Slide 20: Church of the Panaghia

Hosios Loukas, Greece, second half 10 c.

Slide 21: Hosios Loukas, Narthex, Doubting Thomas

11 Century

Slide 22: Hosios Loukas, Katholikon Christ and Saints

11 Century

Slide 23: Pantocrator Monastery, Constantinople, 1120-1136(image not found)

Slide 24: Ascension, Homilies of John Kokidnobaphos, Constantinople(image not found)

first half of 12 Century

Slide 25: Bronze horses, San Marco, Venice

Greek or Roman, formerly in the hippodrome, Constantinople

Slide 26: Chalice of Emperor Romanos II, 959-63

sardonyx, enamels and pearls, San Marco Treasury, Venice

Slide 27: Kariye Caami (Chora monstery), Istanbul

refounded by Theodore Metochites, 1316 – 1321

Slide 28: Kariye Caami, Parakklesion, Anastasis

Important dates:

  • Iconoclasm: First stage: 726 / 730-787, Second stage: 815 – 843
  • Schism of Churches, east and west: 1054
  • Latin occupation of Constantinople: 1204 – 1261
  • Fall of Constantinople: 1453


Iconoclasm – belief in having no images either of God or of anything.

The Iconophiles: Irene (c. 750-803) and (812/13-c. 860)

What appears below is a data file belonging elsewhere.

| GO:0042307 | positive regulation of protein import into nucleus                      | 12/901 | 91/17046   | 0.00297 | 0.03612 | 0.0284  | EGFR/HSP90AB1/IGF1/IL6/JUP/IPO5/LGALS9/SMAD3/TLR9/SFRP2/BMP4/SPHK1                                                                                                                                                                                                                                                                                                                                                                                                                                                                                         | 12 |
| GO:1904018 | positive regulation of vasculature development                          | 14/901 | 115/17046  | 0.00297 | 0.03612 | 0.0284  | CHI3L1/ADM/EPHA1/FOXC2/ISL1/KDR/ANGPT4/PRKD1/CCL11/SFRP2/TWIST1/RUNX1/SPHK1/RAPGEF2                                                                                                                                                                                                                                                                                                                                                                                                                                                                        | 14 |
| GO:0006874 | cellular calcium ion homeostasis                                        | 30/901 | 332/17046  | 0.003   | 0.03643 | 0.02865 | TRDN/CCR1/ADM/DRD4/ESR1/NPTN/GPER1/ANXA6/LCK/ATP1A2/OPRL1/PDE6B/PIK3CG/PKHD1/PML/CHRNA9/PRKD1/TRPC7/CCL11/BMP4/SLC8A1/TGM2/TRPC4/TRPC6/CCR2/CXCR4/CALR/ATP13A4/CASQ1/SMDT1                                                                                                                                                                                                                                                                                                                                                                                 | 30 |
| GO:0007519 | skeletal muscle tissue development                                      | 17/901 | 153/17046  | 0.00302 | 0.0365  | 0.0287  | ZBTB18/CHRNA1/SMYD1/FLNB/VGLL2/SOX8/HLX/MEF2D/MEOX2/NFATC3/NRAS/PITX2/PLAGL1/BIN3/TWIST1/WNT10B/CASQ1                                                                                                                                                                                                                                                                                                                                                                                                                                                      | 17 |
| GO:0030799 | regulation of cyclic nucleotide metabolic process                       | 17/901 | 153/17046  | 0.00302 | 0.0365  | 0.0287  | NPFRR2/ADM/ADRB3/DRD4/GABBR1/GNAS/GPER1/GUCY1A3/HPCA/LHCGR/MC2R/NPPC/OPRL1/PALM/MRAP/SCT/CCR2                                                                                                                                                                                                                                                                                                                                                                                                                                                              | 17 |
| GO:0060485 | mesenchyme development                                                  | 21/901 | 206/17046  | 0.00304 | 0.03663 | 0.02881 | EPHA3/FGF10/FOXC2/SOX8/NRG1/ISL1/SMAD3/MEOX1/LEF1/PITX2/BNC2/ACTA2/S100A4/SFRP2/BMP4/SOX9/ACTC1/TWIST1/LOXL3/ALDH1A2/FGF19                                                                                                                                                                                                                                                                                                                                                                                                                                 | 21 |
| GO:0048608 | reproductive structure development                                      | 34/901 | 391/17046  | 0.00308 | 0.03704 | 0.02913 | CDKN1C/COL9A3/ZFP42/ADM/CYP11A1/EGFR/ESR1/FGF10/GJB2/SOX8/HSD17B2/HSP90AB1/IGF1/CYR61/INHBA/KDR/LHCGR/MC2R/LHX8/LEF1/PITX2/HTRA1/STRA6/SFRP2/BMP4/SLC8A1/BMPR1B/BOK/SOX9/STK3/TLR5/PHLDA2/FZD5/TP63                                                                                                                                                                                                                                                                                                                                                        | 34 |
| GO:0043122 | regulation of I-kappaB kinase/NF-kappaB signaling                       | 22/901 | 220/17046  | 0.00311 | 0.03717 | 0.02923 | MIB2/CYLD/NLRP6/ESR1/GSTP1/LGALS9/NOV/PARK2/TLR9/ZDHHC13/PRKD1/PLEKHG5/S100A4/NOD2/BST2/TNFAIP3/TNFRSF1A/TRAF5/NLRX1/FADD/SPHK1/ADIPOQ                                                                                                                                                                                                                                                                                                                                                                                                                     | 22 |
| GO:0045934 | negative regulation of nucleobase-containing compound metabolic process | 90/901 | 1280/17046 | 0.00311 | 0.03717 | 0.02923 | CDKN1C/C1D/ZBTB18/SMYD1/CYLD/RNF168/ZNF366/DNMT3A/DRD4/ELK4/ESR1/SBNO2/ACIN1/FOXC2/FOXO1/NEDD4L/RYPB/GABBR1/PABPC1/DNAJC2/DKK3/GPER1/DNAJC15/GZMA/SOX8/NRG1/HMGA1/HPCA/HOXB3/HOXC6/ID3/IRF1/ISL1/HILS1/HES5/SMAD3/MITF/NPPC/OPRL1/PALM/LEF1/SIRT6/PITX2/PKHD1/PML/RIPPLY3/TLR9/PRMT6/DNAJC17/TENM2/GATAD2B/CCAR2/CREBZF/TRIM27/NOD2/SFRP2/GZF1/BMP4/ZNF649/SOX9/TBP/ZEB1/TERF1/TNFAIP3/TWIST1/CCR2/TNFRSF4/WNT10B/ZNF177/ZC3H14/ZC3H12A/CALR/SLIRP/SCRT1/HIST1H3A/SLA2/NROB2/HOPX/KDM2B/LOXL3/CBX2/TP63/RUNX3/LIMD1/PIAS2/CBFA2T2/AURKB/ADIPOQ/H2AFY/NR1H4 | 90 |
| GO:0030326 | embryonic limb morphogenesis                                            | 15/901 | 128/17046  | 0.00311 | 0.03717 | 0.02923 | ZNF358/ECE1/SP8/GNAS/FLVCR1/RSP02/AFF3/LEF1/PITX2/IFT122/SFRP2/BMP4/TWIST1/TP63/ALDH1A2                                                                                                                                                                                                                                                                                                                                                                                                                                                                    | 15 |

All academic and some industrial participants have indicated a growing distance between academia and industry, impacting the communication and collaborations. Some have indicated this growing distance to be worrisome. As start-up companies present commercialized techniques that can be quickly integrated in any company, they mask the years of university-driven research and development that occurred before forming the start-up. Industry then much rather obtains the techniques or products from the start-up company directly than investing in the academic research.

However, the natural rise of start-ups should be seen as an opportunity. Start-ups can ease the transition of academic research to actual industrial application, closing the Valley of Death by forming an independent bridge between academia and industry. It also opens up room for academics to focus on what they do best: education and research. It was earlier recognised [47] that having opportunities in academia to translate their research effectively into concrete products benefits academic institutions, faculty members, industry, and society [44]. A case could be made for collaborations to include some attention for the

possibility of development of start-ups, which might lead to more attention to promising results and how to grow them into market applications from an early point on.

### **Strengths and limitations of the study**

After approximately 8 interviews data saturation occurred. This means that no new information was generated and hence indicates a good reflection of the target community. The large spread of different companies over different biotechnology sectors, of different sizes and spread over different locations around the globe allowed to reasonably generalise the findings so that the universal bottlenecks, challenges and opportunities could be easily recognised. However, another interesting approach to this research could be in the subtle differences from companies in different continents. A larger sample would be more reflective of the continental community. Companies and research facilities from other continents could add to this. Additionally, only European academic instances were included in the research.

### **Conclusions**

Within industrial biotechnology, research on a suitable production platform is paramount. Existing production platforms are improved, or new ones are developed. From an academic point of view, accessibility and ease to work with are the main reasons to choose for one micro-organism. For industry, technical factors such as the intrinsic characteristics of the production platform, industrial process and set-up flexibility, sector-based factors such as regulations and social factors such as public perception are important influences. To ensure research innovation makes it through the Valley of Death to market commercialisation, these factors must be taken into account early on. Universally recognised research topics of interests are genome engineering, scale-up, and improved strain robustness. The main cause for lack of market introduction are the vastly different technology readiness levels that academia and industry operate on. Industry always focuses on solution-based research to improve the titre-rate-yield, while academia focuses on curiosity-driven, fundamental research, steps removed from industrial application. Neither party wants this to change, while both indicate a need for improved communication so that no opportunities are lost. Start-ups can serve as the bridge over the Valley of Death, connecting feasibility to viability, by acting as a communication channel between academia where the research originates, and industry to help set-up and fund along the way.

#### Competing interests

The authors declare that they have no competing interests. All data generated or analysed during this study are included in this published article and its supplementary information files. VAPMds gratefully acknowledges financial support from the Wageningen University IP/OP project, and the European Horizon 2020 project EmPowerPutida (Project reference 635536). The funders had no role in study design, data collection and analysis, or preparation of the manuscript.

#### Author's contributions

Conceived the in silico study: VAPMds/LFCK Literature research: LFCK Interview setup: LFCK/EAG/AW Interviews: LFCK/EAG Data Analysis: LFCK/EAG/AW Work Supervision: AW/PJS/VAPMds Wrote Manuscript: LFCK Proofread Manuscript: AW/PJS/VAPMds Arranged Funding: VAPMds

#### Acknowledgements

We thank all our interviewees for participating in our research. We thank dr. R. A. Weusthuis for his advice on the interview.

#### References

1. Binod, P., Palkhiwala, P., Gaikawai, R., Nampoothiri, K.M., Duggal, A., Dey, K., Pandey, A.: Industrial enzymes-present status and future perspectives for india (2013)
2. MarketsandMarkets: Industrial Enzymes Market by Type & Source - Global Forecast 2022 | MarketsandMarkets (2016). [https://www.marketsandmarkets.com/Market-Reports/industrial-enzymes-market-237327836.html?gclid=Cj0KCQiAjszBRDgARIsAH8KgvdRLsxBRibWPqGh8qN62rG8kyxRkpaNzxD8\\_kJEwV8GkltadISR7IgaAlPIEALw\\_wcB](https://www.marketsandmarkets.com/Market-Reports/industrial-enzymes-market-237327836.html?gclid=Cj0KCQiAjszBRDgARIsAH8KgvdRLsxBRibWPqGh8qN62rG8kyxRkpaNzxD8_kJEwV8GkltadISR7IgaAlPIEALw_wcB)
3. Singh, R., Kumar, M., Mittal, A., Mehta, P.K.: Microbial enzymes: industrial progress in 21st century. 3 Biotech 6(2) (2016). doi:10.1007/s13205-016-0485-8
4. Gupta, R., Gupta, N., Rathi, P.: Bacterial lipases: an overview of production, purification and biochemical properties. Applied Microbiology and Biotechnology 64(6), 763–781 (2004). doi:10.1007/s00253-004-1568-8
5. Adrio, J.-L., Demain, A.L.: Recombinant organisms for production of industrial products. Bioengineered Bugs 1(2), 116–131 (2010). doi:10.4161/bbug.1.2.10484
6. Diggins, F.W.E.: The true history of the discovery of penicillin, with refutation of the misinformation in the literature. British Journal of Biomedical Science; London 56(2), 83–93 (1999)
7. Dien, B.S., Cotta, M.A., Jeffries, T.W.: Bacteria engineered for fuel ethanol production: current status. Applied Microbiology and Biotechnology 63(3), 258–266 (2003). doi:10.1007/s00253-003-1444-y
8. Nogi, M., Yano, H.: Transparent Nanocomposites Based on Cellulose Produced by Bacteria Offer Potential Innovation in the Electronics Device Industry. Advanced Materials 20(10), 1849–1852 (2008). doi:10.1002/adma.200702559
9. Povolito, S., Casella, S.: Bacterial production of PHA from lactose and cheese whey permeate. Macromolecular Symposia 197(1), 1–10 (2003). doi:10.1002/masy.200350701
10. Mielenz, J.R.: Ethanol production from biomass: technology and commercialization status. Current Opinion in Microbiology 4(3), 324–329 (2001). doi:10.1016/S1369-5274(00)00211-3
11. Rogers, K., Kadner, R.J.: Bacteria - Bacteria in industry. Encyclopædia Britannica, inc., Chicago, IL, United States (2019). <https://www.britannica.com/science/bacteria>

Irene was an unlikely bride to the vehemently iconoclast Emperor Leo IV. He is portrayed, like his father Constantine V Kopronoymos, as a ruthless emperor, torturing and killing many iconophiles and icon painters. Irene, like the wives of her husband’s predecessors, was a pious icon venerator. While her husband was out persecuting iconophiles, Irene was secretly keeping painted icons (like the one pictured at right) in her quarters at the palace. The source Kedrenos states,

“In the mid-week of Lent he found under the pillow of his wife Irene two icons….As for his wife Irene, he rebuked here severely and set her at naught, saying, ‘Was this what you swore to my father the Emperor upon the fearsome and pure mysteries of our faith?’ She affirmed that she had not seen them ]note: the icons 23 January 2004. He spurned her and hand no more marital relations with her.”